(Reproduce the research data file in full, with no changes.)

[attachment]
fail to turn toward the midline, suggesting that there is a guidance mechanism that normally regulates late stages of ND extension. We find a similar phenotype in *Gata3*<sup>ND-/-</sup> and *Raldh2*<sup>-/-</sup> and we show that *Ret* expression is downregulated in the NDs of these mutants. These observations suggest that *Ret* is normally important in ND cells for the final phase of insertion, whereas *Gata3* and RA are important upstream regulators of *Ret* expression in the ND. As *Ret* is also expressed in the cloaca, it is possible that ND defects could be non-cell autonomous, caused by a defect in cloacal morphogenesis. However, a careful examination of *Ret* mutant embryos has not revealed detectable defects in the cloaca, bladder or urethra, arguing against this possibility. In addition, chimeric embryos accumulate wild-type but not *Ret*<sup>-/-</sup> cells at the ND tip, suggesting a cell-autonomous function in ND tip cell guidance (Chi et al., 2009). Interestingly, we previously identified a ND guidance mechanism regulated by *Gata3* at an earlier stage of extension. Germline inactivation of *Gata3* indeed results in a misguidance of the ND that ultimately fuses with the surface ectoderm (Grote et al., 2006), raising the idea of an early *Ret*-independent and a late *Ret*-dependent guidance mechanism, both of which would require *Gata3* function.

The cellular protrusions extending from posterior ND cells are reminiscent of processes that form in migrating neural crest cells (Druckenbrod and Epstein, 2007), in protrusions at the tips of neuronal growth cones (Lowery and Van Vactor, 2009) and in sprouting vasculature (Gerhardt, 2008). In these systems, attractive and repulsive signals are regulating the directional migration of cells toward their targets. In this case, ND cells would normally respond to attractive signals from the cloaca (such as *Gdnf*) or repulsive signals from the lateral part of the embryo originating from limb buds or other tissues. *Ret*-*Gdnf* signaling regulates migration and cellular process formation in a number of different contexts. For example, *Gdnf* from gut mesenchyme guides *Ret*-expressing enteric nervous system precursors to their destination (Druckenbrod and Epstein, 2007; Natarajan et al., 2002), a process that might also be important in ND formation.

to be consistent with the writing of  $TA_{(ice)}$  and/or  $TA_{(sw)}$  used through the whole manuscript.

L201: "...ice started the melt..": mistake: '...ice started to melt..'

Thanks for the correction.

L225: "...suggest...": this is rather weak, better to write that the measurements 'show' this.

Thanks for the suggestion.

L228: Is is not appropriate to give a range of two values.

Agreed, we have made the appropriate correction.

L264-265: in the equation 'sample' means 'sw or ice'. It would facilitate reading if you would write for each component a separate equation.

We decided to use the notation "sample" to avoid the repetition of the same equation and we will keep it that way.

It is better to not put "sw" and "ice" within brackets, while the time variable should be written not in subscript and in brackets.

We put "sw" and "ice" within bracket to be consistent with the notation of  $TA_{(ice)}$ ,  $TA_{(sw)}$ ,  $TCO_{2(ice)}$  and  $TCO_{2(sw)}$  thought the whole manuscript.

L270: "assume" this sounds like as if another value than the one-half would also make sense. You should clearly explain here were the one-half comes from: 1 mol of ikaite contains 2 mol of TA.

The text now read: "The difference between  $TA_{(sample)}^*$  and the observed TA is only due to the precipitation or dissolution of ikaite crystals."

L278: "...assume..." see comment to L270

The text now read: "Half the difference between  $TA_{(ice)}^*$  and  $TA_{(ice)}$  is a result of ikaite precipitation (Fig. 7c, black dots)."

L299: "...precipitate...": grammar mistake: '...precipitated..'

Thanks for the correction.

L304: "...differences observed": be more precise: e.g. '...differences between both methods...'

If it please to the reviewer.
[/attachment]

fail to turn toward the midline, suggesting that there is a guidance mechanism that normally regulates late stages of ND extension. We find a similar phenotype in *Gata3*<sup>ND-/-</sup> and *Raldh2*<sup>-/-</sup> and we show that *Ret* expression is downregulated in the NDs of these mutants. These observations suggest that *Ret* is normally important in ND cells for the final phase of insertion, whereas *Gata3* and RA are important upstream regulators of *Ret* expression in the ND. As *Ret* is also expressed in the cloaca, it is possible that ND defects could be non-cell autonomous, caused by a defect in cloacal morphogenesis. However, a careful examination of *Ret* mutant embryos has not revealed detectable defects in the cloaca, bladder or urethra, arguing against this possibility. In addition, chimeric embryos accumulate wild-type but not *Ret*<sup>-/-</sup> cells at the ND tip, suggesting a cell-autonomous function in ND tip cell guidance (Chi et al., 2009). Interestingly, we previously identified a ND guidance mechanism regulated by *Gata3* at an earlier stage of extension. Germline inactivation of *Gata3* indeed results in a misguidance of the ND that ultimately fuses with the surface ectoderm (Grote et al., 2006), raising the idea of an early *Ret*-independent and a late *Ret*-dependent guidance mechanism, both of which would require *Gata3* function.

The cellular protrusions extending from posterior ND cells are reminiscent of processes that form in migrating neural crest cells (Druckenbrod and Epstein, 2007), in protrusions at the tips of neuronal growth cones (Lowery and Van Vactor, 2009) and in sprouting vasculature (Gerhardt, 2008). In these systems, attractive and repulsive signals are regulating the directional migration of cells toward their targets. In this case, ND cells would normally respond to attractive signals from the cloaca (such as *Gdnf*) or repulsive signals from the lateral part of the embryo originating from limb buds or other tissues. *Ret*-*Gdnf* signaling regulates migration and cellular process formation in a number of different contexts. For example, *Gdnf* from gut mesenchyme guides *Ret*-expressing enteric nervous system precursors to their destination (Druckenbrod and Epstein, 2007; Natarajan et al., 2002), a process that might also be important in ND formation.

to be consistent with the writing of  $TA_{(ice)}$  and/or  $TA_{(sw)}$  used through the whole manuscript.

L201: "...ice started the melt..": mistake: '...ice started to melt..'

Thanks for the correction.

L225: "...suggest...": this is rather weak, better to write that the measurements 'show' this.

Thanks for the suggestion.

L228: Is is not appropriate to give a range of two values.

Agreed, we have made the appropriate correction.

L264-265: in the equation 'sample' means 'sw or ice'. It would facilitate reading if you would write for each component a separate equation.

We decided to use the notation "sample" to avoid the repetition of the same equation and we will keep it that way.

It is better to not put "sw" and "ice" within brackets, while the time variable should be written not in subscript and in brackets.

We put "sw" and "ice" within bracket to be consistent with the notation of  $TA_{(ice)}$ ,  $TA_{(sw)}$ ,  $TCO_{2(ice)}$  and  $TCO_{2(sw)}$  thought the whole manuscript.

L270: "assume" this sounds like as if another value than the one-half would also make sense. You should clearly explain here were the one-half comes from: 1 mol of ikaite contains 2 mol of TA.

The text now read: "The difference between  $TA_{(sample)}^*$  and the observed TA is only due to the precipitation or dissolution of ikaite crystals."

L278: "...assume..." see comment to L270

The text now read: "Half the difference between  $TA_{(ice)}^*$  and  $TA_{(ice)}$  is a result of ikaite precipitation (Fig. 7c, black dots)."

L299: "...precipitate...": grammar mistake: '...precipitated..'

Thanks for the correction.

L304: "...differences observed": be more precise: e.g. '...differences between both methods...'

If it please to the reviewer.